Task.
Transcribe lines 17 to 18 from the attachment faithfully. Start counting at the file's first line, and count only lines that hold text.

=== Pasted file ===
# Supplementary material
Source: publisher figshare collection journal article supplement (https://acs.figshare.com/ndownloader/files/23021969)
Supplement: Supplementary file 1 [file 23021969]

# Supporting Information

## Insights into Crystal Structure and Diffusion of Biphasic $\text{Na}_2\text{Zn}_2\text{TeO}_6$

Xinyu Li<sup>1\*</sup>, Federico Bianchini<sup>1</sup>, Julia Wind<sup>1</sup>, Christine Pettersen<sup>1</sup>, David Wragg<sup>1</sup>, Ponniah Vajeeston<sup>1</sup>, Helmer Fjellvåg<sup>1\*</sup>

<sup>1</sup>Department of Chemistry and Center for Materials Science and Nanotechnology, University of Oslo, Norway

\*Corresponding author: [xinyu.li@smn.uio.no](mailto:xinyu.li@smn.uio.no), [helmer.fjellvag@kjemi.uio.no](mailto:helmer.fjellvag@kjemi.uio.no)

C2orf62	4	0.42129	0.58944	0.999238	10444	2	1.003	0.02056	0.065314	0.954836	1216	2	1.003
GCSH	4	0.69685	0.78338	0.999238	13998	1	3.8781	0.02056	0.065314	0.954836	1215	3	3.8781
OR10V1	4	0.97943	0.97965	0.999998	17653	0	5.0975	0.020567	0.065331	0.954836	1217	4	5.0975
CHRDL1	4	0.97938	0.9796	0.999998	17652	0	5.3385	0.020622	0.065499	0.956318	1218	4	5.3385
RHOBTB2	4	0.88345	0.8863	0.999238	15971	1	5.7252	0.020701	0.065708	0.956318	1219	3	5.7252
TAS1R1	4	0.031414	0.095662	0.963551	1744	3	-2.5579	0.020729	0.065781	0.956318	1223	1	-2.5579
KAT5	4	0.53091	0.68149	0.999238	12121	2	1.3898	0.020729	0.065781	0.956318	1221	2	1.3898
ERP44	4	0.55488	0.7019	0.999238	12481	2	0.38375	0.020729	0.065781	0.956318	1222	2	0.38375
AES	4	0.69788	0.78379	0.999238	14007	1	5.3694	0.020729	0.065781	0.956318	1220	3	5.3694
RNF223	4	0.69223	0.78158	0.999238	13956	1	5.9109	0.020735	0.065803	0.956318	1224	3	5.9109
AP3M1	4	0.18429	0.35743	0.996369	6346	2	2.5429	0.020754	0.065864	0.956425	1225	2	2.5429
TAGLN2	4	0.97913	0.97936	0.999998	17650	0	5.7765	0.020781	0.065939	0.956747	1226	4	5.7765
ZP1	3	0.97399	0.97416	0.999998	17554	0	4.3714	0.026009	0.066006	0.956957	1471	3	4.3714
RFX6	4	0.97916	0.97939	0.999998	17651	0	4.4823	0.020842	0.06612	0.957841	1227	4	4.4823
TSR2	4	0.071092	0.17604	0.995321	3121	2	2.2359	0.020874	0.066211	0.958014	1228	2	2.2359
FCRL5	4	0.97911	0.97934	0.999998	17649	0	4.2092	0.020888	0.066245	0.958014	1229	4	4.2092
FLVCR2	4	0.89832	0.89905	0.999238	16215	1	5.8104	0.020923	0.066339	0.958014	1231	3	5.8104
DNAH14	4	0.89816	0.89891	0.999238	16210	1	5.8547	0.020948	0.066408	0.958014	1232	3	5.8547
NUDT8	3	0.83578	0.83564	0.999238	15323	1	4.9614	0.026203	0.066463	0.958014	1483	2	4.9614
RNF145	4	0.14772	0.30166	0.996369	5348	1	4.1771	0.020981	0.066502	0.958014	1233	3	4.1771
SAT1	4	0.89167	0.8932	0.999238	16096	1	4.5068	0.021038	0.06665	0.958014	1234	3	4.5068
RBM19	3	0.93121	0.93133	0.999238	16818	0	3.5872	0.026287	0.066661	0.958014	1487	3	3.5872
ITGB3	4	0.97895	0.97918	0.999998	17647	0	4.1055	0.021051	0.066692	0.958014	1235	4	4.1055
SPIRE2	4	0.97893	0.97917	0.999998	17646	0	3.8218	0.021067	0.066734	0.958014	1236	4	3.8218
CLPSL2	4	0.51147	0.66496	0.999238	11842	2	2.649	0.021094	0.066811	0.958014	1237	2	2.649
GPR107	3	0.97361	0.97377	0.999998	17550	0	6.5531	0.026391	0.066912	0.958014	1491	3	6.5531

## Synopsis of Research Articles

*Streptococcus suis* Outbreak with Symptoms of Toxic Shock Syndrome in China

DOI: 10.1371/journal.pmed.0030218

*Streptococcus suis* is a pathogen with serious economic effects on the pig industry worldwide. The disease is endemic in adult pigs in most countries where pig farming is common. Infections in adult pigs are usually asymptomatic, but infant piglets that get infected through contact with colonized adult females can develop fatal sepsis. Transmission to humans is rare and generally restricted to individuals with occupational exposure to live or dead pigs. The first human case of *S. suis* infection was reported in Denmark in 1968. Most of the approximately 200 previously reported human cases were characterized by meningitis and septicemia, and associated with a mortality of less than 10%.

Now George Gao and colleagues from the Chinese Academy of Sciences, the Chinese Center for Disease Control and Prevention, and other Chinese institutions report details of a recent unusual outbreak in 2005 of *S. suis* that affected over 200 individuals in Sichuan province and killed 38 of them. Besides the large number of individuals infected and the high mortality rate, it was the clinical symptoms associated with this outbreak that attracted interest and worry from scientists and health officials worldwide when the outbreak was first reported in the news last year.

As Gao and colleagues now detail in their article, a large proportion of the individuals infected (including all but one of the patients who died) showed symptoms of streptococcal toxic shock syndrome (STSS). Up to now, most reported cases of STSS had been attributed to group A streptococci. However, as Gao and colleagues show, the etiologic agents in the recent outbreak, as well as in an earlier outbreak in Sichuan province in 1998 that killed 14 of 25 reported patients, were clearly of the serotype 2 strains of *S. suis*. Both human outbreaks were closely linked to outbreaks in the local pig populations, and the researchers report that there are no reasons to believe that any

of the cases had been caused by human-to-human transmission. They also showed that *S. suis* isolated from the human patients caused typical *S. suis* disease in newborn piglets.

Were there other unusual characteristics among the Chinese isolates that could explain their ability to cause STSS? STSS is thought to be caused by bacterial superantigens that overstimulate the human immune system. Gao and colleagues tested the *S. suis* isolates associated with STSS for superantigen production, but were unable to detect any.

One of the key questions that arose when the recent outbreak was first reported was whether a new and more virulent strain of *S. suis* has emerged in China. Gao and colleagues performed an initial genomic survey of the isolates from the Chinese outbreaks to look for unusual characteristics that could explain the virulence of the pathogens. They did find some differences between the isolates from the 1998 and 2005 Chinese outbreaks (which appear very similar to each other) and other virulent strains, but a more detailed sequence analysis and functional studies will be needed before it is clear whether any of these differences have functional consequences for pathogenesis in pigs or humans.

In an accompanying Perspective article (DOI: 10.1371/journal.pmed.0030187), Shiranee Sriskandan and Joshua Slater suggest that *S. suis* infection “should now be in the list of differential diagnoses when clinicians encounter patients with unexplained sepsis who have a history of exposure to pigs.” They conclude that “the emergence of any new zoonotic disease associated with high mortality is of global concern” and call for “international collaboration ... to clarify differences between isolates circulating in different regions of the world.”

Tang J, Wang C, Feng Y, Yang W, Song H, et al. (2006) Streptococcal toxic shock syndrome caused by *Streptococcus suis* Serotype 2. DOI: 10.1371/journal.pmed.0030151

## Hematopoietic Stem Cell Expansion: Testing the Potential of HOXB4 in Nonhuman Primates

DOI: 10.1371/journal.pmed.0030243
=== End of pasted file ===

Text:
AES	4	0.69788	0.78379	0.999238	14007	1	5.3694	0.020729	0.065781	0.956318	1220	3	5.3694
RNF223	4	0.69223	0.78158	0.999238	13956	1	5.9109	0.020735	0.065803	0.956318	1224	3	5.9109